The grafting is also helpful to diabetics, whose injuries are slow to heal, and to people who have experienced a traumatic injury. “The bone and marrow is rich in stem cell and helps the bones heal and grow,” she said.
“Enuma did an amazing job and had a big hand in building our sales this summer,” Budyansky said. “We’re now demonstrating surgeries in hospitals based on the leads that she established.”
‘This is My Growth Phase’
Ezeife, who was born and raised in Nigeria, has always been interested in business. At the beginning of her career, she owned her own leather-goods trade company, which also manufactured custom jewelry. Next, she worked as a commercial relationship manager for the nation’s largest bank, handling loans and risk assessments for her many clients, including oil companies and law firms.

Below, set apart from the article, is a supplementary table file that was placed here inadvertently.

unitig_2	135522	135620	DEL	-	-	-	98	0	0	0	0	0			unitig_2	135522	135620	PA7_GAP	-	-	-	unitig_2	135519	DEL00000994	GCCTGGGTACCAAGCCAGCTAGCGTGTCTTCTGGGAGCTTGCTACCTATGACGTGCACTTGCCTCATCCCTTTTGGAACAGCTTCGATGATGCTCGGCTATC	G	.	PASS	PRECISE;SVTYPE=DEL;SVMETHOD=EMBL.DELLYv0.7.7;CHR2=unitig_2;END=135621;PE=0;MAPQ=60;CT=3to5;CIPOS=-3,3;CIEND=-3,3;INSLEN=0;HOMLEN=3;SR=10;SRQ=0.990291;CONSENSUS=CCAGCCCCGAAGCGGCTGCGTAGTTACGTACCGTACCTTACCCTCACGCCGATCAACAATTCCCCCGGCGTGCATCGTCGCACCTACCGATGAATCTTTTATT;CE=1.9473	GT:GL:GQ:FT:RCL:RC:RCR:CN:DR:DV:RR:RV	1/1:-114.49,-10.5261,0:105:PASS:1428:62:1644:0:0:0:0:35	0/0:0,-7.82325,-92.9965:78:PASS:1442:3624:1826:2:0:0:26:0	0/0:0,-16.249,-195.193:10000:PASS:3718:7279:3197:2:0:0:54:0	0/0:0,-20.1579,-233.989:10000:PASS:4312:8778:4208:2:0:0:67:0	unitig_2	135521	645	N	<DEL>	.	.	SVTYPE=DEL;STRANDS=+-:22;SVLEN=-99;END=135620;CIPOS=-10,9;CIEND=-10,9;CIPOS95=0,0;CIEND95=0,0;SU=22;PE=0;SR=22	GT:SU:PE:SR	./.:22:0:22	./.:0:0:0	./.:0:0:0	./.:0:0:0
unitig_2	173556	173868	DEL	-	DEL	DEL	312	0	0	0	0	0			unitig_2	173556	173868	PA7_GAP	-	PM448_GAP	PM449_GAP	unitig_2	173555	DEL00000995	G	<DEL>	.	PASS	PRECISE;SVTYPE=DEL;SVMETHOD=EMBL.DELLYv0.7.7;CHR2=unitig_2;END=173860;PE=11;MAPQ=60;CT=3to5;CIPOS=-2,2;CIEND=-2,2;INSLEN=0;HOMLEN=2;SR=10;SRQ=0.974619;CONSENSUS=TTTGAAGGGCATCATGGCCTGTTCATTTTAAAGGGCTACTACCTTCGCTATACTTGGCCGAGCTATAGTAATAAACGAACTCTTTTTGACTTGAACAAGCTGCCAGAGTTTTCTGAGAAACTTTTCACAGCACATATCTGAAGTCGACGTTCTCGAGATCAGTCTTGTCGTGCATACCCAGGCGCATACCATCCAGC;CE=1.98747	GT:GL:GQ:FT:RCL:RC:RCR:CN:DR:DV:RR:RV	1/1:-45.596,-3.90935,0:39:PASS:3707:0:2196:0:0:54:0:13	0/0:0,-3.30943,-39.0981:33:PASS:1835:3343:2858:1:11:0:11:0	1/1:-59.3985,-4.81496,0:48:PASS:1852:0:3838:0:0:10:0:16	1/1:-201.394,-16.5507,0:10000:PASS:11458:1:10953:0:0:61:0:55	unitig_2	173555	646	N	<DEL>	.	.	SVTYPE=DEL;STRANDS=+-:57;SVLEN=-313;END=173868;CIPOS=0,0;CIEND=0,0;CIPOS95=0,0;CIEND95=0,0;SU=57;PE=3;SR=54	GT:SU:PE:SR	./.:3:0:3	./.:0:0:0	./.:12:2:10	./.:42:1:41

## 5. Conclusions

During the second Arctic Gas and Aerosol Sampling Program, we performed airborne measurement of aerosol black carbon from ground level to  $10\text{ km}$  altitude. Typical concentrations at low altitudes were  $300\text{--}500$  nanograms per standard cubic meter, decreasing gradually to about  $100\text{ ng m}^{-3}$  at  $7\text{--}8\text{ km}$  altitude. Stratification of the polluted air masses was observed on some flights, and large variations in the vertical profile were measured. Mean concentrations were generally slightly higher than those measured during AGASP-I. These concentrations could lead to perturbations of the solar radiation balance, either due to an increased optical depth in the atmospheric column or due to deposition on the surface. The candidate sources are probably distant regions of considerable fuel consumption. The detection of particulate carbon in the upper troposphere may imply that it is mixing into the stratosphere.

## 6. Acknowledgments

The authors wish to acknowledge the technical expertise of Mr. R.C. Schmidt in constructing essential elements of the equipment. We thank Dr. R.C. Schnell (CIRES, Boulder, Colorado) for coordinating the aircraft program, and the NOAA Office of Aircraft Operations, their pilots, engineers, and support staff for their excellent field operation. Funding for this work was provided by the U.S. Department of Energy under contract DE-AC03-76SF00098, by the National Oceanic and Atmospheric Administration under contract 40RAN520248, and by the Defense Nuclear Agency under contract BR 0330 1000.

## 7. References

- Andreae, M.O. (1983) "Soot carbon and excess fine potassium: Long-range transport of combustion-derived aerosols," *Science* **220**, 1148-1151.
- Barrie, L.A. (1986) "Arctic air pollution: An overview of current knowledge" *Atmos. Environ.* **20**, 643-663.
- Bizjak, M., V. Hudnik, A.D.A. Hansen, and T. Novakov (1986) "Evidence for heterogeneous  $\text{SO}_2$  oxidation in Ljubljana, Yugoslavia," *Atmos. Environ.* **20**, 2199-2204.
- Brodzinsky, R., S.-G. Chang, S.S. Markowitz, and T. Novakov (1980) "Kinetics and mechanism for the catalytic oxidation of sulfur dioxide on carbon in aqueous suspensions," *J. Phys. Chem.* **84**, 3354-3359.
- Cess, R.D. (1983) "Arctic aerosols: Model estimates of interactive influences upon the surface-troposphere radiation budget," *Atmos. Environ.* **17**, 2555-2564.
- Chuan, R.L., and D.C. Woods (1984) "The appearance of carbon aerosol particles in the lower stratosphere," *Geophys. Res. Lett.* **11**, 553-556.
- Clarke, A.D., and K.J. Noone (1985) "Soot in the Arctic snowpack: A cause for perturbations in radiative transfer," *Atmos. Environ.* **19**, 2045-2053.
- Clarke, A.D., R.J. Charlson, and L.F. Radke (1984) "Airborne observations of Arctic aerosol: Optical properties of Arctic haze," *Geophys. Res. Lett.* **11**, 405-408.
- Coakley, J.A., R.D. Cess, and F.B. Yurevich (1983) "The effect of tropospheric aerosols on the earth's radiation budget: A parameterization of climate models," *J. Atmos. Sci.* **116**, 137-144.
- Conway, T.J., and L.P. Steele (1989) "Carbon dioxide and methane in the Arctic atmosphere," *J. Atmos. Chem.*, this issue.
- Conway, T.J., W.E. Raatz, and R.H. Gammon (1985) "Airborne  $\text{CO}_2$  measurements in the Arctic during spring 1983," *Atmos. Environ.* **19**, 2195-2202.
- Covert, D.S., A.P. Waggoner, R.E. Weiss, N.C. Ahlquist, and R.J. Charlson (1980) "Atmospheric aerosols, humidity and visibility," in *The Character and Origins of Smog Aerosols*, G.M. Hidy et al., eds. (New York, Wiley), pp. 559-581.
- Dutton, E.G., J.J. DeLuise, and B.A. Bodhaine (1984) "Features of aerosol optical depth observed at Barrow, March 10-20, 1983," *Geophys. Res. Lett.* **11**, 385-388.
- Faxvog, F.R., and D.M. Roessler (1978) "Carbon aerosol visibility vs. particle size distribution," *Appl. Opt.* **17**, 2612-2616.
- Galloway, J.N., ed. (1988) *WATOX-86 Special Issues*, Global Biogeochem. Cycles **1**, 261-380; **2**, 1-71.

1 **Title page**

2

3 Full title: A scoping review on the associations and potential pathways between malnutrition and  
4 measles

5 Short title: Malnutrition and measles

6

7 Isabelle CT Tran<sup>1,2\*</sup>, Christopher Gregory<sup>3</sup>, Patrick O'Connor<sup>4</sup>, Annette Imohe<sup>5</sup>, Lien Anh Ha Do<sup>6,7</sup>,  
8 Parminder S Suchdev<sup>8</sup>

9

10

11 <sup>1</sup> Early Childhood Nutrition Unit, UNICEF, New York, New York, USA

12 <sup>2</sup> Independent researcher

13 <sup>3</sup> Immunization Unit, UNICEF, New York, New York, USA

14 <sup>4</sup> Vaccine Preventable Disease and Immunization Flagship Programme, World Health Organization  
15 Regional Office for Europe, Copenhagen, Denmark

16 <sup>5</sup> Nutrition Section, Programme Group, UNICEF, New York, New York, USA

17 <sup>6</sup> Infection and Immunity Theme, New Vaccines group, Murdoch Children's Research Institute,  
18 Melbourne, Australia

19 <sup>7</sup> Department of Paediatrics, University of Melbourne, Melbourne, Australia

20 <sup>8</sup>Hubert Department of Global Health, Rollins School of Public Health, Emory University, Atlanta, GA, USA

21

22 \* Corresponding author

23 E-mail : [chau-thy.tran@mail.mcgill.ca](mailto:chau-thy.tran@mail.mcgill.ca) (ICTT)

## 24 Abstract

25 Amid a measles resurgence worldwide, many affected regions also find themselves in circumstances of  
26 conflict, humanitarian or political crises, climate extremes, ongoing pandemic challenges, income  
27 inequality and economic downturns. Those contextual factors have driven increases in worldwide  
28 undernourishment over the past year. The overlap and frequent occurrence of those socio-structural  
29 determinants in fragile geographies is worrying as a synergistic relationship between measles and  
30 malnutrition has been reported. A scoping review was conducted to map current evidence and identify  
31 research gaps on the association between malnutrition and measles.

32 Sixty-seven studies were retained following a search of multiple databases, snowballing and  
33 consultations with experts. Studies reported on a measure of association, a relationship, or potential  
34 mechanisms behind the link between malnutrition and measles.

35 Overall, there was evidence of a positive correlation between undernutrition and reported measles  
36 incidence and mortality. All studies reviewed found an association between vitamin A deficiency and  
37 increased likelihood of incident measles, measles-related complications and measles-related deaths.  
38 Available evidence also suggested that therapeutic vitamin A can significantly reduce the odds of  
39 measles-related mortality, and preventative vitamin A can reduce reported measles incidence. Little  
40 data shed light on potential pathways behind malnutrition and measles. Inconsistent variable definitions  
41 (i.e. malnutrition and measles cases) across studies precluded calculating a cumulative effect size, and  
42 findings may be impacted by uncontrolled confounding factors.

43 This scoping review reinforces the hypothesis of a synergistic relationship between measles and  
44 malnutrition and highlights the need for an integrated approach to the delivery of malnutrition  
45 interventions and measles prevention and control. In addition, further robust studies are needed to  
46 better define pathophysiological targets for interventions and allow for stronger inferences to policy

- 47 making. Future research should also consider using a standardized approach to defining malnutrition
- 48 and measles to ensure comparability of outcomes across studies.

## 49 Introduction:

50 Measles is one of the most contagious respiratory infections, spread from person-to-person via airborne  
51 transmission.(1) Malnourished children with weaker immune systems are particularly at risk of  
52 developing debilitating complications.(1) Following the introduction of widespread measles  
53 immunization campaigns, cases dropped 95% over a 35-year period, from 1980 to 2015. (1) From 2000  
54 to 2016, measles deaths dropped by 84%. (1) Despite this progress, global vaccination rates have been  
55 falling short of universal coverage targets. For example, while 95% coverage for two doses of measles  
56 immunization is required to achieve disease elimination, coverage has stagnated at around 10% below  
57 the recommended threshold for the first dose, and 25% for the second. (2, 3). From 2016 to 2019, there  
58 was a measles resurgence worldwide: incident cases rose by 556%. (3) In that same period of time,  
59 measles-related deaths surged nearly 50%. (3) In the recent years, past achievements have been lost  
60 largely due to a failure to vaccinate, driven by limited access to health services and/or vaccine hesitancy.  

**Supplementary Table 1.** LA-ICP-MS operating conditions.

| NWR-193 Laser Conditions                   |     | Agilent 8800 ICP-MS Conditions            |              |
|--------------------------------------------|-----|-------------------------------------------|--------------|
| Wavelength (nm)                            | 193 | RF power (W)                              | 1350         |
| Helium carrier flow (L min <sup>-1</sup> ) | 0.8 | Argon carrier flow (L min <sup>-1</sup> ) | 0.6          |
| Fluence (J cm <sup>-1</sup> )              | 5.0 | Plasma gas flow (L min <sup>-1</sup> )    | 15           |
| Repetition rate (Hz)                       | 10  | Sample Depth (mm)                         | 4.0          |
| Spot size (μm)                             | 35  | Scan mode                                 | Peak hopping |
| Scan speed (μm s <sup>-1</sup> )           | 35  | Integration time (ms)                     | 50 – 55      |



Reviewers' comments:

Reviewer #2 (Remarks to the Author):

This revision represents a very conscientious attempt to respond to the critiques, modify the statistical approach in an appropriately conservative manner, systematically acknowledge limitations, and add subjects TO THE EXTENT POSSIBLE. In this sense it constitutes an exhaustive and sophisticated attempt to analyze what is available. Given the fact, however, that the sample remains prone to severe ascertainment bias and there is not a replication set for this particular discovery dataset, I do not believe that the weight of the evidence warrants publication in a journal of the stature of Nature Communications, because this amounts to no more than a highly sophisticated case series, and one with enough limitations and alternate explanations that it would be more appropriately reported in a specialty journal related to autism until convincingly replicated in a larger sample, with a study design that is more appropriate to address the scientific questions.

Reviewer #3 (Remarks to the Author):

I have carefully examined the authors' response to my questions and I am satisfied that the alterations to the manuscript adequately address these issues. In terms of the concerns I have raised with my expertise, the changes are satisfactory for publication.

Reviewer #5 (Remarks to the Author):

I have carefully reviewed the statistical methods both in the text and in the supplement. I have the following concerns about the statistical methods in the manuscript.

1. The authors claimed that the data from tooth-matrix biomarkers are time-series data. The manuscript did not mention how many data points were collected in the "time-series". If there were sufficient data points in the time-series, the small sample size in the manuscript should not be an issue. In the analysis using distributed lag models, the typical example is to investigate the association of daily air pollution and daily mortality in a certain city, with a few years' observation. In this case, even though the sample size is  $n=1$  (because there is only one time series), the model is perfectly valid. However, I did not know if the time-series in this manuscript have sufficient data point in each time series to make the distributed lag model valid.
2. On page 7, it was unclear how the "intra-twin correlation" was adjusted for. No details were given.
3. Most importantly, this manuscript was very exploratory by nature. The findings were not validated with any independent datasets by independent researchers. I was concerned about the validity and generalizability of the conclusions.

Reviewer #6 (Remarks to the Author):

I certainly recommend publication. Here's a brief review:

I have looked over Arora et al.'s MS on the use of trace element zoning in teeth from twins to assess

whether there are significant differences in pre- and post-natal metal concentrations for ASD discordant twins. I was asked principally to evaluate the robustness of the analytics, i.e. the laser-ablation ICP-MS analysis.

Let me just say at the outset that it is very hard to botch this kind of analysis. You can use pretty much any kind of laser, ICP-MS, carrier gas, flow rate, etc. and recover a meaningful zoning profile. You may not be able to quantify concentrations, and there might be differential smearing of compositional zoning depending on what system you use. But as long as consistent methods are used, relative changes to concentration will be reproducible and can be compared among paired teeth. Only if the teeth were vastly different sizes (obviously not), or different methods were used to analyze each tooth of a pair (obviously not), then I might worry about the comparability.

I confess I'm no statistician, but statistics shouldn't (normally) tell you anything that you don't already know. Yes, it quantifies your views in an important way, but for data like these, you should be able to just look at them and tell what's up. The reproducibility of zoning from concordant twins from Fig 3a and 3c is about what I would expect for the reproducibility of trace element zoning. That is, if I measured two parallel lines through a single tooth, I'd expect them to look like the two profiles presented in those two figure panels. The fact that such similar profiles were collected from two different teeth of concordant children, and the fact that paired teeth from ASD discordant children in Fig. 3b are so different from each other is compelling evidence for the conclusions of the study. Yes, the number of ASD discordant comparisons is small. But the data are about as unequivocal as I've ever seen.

“It was very, very hectic, but that’s what I wanted,” she said of her four years in that role. “I wanted many experiences that would broaden my knowledge.”
After much online research and international phone calls, she chose UConn, sight-unseen, for her graduate work, where she is a top MBA student. With a strong background in marketing and sales, she is now sharpening her knowledge of finance and consulting.
“Now that I’m an MBA student, this is my growth phase!” she said. “I want to learn all I can and eventually hope to own my own business again.”
Her internship with Avitus was empowering, she said.
“It was enriching to see a business strategy for a United States startup that was just going to market,” she said. “I saw what they were doing, how they were doing it, and what they were doing right.”